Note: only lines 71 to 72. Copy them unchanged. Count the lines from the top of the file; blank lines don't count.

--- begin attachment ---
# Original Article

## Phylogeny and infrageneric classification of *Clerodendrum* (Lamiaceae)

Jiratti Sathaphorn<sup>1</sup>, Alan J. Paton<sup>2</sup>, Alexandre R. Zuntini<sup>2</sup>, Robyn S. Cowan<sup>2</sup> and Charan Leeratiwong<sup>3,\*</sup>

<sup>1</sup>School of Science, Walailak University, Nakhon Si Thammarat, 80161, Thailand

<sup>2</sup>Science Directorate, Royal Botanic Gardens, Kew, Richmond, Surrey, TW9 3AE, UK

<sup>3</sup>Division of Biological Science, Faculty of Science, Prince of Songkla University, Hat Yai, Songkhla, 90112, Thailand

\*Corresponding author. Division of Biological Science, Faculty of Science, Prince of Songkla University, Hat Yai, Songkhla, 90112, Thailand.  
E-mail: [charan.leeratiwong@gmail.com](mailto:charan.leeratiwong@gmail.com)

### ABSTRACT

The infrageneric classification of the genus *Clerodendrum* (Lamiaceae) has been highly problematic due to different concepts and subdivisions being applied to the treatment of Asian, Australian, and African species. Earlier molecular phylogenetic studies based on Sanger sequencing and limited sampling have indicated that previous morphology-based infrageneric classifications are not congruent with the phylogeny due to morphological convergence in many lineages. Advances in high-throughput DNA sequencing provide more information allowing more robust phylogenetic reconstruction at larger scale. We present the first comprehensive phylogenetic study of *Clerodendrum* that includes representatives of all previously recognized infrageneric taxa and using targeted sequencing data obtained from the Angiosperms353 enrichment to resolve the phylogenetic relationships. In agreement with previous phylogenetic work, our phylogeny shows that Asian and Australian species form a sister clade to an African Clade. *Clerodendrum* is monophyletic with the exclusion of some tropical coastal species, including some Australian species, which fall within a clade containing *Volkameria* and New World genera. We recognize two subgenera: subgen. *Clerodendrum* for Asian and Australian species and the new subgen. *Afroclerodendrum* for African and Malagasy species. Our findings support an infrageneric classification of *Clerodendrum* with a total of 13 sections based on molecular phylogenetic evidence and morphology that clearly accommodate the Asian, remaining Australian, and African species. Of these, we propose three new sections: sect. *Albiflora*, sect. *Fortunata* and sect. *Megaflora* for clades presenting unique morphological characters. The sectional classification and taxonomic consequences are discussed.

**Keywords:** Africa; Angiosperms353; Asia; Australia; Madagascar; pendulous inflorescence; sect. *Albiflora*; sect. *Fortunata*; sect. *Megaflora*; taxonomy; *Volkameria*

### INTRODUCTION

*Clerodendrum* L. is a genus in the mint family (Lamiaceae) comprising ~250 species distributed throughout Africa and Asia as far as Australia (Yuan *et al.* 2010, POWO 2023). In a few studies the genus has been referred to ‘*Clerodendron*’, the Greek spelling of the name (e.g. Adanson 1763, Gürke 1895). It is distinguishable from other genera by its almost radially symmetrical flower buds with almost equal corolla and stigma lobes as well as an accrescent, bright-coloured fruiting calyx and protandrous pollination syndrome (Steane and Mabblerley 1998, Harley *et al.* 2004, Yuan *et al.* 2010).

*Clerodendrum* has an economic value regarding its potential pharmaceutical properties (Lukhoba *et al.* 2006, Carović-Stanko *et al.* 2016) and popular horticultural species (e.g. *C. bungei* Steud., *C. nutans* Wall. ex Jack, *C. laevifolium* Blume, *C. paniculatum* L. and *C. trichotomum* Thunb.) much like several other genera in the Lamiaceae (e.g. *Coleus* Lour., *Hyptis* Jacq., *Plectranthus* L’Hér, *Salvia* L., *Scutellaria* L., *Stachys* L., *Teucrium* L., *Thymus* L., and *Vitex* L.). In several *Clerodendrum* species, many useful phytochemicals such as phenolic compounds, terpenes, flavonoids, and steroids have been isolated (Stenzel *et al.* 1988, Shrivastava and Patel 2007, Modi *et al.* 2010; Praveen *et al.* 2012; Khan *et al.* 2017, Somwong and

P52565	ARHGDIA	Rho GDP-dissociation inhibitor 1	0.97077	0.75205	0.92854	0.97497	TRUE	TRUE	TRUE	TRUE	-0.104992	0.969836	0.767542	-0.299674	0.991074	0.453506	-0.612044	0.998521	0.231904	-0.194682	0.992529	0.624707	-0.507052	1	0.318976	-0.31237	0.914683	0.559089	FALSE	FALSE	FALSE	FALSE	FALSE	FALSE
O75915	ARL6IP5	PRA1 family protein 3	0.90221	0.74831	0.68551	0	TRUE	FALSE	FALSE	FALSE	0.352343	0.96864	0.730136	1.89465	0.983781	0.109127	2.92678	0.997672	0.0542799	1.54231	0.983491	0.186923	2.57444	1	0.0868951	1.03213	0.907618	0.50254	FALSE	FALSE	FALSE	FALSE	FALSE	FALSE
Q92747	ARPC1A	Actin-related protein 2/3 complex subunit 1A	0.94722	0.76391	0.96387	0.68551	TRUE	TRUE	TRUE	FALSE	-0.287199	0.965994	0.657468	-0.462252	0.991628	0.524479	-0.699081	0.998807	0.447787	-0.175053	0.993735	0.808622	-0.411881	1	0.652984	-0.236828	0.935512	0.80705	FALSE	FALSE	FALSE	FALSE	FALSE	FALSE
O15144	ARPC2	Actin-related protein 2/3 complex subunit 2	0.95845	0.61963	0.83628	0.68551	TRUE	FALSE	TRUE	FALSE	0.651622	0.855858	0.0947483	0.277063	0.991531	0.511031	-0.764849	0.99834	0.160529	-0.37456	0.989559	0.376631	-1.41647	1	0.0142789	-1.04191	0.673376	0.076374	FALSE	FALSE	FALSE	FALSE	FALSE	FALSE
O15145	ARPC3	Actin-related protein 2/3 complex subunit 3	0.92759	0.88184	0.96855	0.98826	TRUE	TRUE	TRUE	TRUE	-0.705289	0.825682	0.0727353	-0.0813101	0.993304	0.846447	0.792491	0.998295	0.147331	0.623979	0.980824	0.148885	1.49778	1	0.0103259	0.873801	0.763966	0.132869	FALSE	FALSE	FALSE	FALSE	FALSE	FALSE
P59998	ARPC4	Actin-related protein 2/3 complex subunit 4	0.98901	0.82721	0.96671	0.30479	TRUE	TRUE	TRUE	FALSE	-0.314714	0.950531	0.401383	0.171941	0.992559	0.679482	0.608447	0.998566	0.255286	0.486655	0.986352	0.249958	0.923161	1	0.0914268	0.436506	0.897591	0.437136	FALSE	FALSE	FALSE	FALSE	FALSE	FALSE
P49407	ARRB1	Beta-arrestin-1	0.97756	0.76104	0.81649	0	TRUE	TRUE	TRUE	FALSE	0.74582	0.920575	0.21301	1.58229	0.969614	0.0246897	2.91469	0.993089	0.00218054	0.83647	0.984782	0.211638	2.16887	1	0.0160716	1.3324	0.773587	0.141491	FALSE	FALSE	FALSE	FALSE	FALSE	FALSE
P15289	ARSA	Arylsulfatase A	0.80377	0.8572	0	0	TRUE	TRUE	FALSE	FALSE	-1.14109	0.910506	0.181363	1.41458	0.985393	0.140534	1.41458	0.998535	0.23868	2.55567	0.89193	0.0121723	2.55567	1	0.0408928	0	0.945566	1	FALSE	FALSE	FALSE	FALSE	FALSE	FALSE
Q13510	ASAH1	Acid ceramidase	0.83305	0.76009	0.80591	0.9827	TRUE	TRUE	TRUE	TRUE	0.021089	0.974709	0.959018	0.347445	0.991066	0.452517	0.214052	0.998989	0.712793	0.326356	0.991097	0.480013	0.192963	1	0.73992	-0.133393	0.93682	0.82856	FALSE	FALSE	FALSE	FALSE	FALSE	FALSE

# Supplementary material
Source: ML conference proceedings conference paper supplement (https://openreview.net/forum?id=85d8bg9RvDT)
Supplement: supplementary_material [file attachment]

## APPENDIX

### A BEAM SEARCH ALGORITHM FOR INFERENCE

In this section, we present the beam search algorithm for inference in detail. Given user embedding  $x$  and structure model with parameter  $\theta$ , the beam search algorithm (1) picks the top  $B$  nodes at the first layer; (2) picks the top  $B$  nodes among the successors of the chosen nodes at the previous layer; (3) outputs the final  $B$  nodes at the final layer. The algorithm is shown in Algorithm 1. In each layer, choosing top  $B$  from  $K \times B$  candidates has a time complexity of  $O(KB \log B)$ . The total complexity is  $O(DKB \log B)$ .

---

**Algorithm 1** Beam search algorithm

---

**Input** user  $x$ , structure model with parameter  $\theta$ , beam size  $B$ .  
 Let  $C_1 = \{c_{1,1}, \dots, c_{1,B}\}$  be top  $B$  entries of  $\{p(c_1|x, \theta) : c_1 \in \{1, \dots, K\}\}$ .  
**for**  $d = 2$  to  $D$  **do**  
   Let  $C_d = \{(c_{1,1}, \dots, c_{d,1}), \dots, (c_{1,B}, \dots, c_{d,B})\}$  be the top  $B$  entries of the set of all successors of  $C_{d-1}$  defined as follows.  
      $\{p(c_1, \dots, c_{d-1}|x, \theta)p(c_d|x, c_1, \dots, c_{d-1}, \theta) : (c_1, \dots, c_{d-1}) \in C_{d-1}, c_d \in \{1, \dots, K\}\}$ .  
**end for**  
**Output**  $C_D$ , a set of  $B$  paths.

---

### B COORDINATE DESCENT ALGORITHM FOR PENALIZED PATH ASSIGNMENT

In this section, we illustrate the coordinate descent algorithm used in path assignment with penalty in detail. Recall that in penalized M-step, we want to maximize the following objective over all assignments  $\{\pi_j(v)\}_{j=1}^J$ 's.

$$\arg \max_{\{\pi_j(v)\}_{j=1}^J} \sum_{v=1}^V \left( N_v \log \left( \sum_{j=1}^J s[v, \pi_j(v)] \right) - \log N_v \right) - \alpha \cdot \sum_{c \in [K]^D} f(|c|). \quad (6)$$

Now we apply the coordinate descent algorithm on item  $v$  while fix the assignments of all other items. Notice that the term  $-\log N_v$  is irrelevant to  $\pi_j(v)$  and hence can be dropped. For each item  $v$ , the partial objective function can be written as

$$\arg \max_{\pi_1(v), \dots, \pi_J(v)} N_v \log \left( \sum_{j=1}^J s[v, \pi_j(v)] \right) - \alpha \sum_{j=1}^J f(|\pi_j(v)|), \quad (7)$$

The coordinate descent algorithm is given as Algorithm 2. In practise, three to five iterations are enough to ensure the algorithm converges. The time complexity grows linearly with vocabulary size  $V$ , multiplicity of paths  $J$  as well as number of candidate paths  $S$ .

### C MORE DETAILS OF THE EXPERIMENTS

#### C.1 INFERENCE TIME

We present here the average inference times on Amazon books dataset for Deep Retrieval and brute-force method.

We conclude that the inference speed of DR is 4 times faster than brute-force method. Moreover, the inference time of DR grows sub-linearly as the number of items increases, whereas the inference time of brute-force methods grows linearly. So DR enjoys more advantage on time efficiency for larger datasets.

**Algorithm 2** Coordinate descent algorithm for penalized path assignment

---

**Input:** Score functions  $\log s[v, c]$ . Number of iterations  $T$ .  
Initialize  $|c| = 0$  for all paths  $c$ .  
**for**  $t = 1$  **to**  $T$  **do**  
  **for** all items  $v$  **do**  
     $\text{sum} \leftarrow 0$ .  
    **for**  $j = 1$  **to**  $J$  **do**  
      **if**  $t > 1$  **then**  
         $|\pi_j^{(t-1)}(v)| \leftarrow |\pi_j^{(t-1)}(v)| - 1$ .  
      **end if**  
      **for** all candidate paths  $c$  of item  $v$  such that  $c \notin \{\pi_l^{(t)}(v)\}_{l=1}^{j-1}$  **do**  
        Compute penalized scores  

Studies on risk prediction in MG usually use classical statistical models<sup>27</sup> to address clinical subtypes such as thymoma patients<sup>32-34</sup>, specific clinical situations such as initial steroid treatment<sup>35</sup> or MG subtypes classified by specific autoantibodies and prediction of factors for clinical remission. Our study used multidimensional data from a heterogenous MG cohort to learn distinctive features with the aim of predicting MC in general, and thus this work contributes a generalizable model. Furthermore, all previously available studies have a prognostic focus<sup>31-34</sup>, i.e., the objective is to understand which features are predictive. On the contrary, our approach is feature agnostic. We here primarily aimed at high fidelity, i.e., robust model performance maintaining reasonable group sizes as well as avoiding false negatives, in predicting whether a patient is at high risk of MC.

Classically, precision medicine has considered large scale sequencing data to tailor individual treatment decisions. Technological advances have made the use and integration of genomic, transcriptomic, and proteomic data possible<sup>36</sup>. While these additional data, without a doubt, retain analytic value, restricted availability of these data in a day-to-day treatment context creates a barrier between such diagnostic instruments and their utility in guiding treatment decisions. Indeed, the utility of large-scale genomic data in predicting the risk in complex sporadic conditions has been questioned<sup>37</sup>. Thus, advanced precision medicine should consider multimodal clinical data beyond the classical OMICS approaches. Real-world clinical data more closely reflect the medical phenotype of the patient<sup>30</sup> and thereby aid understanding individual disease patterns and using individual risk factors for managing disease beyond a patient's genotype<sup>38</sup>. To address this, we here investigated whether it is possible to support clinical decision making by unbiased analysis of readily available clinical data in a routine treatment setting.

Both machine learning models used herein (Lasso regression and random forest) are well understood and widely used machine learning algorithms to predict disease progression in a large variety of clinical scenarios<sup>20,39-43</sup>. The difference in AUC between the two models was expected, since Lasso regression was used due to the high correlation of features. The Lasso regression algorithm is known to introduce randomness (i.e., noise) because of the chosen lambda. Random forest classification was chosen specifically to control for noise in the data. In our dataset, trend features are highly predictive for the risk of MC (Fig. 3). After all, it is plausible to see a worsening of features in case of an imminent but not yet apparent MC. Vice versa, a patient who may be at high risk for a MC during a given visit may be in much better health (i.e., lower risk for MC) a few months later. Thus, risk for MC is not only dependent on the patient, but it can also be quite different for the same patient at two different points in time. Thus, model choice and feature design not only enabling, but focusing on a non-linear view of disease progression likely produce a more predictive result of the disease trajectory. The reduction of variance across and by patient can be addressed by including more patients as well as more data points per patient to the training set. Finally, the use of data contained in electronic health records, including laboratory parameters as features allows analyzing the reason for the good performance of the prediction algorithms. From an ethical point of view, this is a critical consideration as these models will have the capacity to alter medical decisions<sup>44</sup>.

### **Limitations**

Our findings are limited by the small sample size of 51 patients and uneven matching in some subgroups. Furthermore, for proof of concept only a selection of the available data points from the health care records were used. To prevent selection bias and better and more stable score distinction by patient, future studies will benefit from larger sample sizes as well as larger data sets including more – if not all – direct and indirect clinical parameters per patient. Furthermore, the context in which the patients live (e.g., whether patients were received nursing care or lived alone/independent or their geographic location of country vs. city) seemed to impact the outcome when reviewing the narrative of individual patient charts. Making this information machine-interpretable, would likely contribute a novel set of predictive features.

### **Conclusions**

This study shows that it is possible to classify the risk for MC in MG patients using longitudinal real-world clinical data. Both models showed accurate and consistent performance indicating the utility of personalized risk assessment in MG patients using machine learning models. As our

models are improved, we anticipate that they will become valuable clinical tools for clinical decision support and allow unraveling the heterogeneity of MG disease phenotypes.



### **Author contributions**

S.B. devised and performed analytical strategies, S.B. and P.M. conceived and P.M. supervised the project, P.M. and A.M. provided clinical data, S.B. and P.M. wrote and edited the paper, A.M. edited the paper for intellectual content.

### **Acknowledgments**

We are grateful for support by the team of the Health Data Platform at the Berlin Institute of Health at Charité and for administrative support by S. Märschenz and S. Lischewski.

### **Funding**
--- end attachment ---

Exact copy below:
models are improved, we anticipate that they will become valuable clinical tools for clinical decision support and allow unraveling the heterogeneity of MG disease phenotypes.



### **Author contributions**